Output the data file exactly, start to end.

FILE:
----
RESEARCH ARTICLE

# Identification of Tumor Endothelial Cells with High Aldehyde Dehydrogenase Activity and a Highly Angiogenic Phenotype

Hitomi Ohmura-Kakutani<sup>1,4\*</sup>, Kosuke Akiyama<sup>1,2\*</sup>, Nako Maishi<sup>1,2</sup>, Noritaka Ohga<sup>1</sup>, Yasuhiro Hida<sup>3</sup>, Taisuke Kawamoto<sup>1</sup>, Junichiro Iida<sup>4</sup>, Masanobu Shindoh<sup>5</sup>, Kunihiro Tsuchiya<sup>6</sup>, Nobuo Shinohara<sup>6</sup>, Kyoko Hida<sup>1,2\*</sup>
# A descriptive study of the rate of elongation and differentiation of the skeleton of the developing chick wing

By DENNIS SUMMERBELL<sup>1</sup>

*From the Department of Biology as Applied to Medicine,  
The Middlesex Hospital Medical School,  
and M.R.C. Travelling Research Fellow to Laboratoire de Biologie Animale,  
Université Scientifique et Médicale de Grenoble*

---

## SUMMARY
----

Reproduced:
RESEARCH ARTICLE

# Identification of Tumor Endothelial Cells with High Aldehyde Dehydrogenase Activity and a Highly Angiogenic Phenotype

Hitomi Ohmura-Kakutani<sup>1,4\*</sup>, Kosuke Akiyama<sup>1,2\*</sup>, Nako Maishi<sup>1,2</sup>, Noritaka Ohga<sup>1</sup>, Yasuhiro Hida<sup>3</sup>, Taisuke Kawamoto<sup>1</sup>, Junichiro Iida<sup>4</sup>, Masanobu Shindoh<sup>5</sup>, Kunihiro Tsuchiya<sup>6</sup>, Nobuo Shinohara<sup>6</sup>, Kyoko Hida<sup>1,2\*</sup>
# A descriptive study of the rate of elongation and differentiation of the skeleton of the developing chick wing

By DENNIS SUMMERBELL<sup>1</sup>

*From the Department of Biology as Applied to Medicine,  
The Middlesex Hospital Medical School,  
and M.R.C. Travelling Research Fellow to Laboratoire de Biologie Animale,  
Université Scientifique et Médicale de Grenoble*

---

## SUMMARY